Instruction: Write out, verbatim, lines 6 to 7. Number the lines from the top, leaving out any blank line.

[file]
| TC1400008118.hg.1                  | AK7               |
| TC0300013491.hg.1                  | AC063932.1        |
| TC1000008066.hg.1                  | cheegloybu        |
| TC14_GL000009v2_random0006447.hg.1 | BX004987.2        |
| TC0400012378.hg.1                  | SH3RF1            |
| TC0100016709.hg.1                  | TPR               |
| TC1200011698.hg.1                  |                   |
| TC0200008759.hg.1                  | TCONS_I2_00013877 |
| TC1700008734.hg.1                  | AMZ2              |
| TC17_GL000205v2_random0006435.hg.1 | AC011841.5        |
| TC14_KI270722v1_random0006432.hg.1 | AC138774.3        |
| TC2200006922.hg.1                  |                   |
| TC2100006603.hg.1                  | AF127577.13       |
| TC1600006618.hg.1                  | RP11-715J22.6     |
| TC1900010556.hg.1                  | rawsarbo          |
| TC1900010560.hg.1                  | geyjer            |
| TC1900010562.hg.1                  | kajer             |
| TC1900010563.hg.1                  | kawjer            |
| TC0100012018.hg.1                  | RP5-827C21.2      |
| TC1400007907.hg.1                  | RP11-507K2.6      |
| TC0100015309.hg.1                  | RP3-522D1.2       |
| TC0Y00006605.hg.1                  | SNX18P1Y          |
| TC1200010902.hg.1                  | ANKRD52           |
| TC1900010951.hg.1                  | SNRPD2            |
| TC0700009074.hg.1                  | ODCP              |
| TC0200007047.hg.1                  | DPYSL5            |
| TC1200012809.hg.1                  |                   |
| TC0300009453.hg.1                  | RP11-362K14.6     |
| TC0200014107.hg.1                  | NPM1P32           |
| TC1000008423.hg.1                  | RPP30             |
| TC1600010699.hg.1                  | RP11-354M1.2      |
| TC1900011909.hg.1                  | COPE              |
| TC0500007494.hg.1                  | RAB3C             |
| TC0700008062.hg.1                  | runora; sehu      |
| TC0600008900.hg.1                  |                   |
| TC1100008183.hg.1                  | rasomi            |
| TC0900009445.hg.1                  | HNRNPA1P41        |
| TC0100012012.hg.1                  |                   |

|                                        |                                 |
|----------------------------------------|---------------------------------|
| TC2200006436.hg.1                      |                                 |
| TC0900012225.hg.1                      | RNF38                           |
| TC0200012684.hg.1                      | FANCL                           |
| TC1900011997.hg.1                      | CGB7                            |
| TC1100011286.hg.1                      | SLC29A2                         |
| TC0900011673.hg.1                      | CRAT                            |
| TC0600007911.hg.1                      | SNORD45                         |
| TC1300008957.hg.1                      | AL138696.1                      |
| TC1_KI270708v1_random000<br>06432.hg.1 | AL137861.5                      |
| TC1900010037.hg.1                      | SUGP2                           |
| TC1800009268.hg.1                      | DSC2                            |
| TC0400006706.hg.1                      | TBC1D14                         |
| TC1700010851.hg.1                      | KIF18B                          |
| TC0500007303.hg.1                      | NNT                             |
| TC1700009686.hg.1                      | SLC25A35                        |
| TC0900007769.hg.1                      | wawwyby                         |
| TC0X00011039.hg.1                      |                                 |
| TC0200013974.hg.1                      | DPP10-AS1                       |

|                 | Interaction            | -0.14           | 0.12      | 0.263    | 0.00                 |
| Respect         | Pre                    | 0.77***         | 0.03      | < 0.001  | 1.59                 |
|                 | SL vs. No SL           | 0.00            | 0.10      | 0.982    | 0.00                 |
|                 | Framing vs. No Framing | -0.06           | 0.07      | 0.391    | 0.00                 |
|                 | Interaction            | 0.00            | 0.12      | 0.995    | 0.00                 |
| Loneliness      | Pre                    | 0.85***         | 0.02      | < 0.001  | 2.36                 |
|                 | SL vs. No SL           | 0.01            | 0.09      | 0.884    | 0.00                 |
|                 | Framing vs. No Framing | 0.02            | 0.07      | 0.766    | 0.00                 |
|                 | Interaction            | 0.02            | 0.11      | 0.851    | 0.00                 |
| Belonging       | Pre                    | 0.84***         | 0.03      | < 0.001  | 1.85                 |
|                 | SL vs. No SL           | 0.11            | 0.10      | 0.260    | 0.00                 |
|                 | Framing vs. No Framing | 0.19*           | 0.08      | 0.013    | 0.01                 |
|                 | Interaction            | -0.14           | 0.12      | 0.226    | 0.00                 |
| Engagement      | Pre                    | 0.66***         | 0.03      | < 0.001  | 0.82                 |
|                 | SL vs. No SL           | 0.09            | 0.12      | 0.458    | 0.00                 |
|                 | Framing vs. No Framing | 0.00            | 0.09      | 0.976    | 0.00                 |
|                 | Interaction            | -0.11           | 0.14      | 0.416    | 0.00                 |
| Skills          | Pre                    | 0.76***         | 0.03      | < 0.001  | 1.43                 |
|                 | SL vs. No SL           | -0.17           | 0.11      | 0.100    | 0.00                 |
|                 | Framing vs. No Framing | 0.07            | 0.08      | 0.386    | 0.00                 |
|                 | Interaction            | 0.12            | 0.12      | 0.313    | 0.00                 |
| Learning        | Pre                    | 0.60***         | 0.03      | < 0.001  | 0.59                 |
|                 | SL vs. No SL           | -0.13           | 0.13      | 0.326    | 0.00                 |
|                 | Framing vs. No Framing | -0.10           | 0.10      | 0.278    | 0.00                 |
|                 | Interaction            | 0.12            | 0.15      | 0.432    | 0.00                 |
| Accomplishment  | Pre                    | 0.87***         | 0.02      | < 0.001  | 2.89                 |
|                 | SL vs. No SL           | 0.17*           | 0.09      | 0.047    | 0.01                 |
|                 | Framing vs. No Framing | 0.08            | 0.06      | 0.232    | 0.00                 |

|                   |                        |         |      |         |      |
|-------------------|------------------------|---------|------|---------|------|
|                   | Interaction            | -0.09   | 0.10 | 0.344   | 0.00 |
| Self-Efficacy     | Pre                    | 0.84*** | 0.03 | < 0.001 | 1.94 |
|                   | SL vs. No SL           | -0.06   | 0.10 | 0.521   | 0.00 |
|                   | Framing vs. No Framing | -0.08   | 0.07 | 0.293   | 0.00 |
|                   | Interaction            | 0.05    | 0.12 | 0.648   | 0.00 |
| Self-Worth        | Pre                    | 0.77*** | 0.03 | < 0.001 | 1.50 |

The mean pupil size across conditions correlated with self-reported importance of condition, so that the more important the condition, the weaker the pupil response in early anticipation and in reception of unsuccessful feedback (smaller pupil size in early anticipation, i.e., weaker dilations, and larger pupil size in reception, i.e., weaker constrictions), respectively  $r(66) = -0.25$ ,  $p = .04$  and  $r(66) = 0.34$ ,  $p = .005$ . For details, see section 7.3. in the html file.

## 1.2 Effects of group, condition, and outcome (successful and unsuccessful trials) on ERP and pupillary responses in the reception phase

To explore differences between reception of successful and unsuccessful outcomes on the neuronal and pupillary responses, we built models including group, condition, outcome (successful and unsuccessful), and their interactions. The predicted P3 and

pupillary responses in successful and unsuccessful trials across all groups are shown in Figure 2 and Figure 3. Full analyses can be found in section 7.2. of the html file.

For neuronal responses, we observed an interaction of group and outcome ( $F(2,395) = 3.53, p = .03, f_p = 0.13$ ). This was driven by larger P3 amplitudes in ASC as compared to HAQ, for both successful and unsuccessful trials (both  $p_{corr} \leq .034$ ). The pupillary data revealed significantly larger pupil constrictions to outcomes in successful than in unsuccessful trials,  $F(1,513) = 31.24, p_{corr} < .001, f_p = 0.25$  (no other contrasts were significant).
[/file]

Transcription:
| TC0100016709.hg.1                  | TPR               |
| TC1200011698.hg.1                  |                   |